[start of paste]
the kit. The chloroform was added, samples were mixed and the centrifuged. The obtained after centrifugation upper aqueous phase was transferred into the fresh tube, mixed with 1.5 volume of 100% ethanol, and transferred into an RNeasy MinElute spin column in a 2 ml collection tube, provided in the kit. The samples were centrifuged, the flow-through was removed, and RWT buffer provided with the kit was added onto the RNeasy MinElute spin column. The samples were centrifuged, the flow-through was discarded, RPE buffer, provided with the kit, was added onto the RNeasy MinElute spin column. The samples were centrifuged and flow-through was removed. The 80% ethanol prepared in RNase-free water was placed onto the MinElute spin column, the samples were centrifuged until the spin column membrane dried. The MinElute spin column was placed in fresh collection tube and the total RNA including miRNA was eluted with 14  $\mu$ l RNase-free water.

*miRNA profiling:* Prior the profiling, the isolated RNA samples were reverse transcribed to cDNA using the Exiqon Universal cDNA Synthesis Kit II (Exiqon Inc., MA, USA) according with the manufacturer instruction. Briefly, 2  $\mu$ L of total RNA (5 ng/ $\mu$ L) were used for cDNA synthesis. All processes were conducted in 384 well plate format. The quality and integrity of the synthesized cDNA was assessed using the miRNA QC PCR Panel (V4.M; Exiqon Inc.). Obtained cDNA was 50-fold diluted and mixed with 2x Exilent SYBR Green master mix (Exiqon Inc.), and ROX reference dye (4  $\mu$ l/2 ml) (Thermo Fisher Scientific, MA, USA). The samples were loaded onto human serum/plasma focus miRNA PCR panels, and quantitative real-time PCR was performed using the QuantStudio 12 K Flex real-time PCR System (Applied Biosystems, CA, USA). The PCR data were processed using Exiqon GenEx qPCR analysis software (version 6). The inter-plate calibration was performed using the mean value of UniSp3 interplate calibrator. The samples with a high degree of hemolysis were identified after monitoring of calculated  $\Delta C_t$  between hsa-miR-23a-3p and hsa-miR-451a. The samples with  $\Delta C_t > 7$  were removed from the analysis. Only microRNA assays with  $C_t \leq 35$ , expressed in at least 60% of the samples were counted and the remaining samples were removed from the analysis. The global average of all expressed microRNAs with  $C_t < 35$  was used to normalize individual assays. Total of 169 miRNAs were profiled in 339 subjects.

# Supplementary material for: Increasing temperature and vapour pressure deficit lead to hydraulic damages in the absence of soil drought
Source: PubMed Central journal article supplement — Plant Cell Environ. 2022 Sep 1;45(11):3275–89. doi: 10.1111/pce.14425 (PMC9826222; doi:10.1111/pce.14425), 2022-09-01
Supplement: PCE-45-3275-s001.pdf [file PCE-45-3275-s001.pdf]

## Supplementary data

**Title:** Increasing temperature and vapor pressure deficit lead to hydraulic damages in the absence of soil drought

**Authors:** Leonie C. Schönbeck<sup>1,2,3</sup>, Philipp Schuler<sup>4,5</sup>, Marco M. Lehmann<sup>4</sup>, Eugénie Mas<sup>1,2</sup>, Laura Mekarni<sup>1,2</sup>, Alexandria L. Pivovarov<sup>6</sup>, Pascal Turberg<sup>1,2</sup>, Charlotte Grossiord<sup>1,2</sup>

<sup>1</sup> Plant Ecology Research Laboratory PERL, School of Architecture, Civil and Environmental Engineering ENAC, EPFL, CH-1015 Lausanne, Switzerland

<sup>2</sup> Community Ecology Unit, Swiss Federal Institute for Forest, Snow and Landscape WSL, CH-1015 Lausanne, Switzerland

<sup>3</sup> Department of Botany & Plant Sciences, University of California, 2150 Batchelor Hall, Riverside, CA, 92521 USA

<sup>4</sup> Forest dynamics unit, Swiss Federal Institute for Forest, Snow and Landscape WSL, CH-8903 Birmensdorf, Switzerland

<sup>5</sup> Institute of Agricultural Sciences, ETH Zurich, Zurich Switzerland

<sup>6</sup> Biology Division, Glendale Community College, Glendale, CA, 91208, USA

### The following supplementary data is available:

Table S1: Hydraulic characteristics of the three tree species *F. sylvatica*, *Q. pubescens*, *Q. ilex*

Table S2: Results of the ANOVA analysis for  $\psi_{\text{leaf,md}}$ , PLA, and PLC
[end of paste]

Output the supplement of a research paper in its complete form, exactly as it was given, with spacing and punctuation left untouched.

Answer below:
the kit. The chloroform was added, samples were mixed and the centrifuged. The obtained after centrifugation upper aqueous phase was transferred into the fresh tube, mixed with 1.5 volume of 100% ethanol, and transferred into an RNeasy MinElute spin column in a 2 ml collection tube, provided in the kit. The samples were centrifuged, the flow-through was removed, and RWT buffer provided with the kit was added onto the RNeasy MinElute spin column. The samples were centrifuged, the flow-through was discarded, RPE buffer, provided with the kit, was added onto the RNeasy MinElute spin column. The samples were centrifuged and flow-through was removed. The 80% ethanol prepared in RNase-free water was placed onto the MinElute spin column, the samples were centrifuged until the spin column membrane dried. The MinElute spin column was placed in fresh collection tube and the total RNA including miRNA was eluted with 14  $\mu$ l RNase-free water.

*miRNA profiling:* Prior the profiling, the isolated RNA samples were reverse transcribed to cDNA using the Exiqon Universal cDNA Synthesis Kit II (Exiqon Inc., MA, USA) according with the manufacturer instruction. Briefly, 2  $\mu$ L of total RNA (5 ng/ $\mu$ L) were used for cDNA synthesis. All processes were conducted in 384 well plate format. The quality and integrity of the synthesized cDNA was assessed using the miRNA QC PCR Panel (V4.M; Exiqon Inc.). Obtained cDNA was 50-fold diluted and mixed with 2x Exilent SYBR Green master mix (Exiqon Inc.), and ROX reference dye (4  $\mu$ l/2 ml) (Thermo Fisher Scientific, MA, USA). The samples were loaded onto human serum/plasma focus miRNA PCR panels, and quantitative real-time PCR was performed using the QuantStudio 12 K Flex real-time PCR System (Applied Biosystems, CA, USA). The PCR data were processed using Exiqon GenEx qPCR analysis software (version 6). The inter-plate calibration was performed using the mean value of UniSp3 interplate calibrator. The samples with a high degree of hemolysis were identified after monitoring of calculated  $\Delta C_t$  between hsa-miR-23a-3p and hsa-miR-451a. The samples with  $\Delta C_t > 7$  were removed from the analysis. Only microRNA assays with  $C_t \leq 35$ , expressed in at least 60% of the samples were counted and the remaining samples were removed from the analysis. The global average of all expressed microRNAs with  $C_t < 35$  was used to normalize individual assays. Total of 169 miRNAs were profiled in 339 subjects.

# Supplementary material for: Increasing temperature and vapour pressure deficit lead to hydraulic damages in the absence of soil drought
Source: PubMed Central journal article supplement — Plant Cell Environ. 2022 Sep 1;45(11):3275–89. doi: 10.1111/pce.14425 (PMC9826222; doi:10.1111/pce.14425), 2022-09-01
Supplement: PCE-45-3275-s001.pdf [file PCE-45-3275-s001.pdf]

## Supplementary data

**Title:** Increasing temperature and vapor pressure deficit lead to hydraulic damages in the absence of soil drought

**Authors:** Leonie C. Schönbeck<sup>1,2,3</sup>, Philipp Schuler<sup>4,5</sup>, Marco M. Lehmann<sup>4</sup>, Eugénie Mas<sup>1,2</sup>, Laura Mekarni<sup>1,2</sup>, Alexandria L. Pivovarov<sup>6</sup>, Pascal Turberg<sup>1,2</sup>, Charlotte Grossiord<sup>1,2</sup>

<sup>1</sup> Plant Ecology Research Laboratory PERL, School of Architecture, Civil and Environmental Engineering ENAC, EPFL, CH-1015 Lausanne, Switzerland

<sup>2</sup> Community Ecology Unit, Swiss Federal Institute for Forest, Snow and Landscape WSL, CH-1015 Lausanne, Switzerland

<sup>3</sup> Department of Botany & Plant Sciences, University of California, 2150 Batchelor Hall, Riverside, CA, 92521 USA

<sup>4</sup> Forest dynamics unit, Swiss Federal Institute for Forest, Snow and Landscape WSL, CH-8903 Birmensdorf, Switzerland

<sup>5</sup> Institute of Agricultural Sciences, ETH Zurich, Zurich Switzerland

<sup>6</sup> Biology Division, Glendale Community College, Glendale, CA, 91208, USA

### The following supplementary data is available:

Table S1: Hydraulic characteristics of the three tree species *F. sylvatica*, *Q. pubescens*, *Q. ilex*

Table S2: Results of the ANOVA analysis for  $\psi_{\text{leaf,md}}$ , PLA, and PLC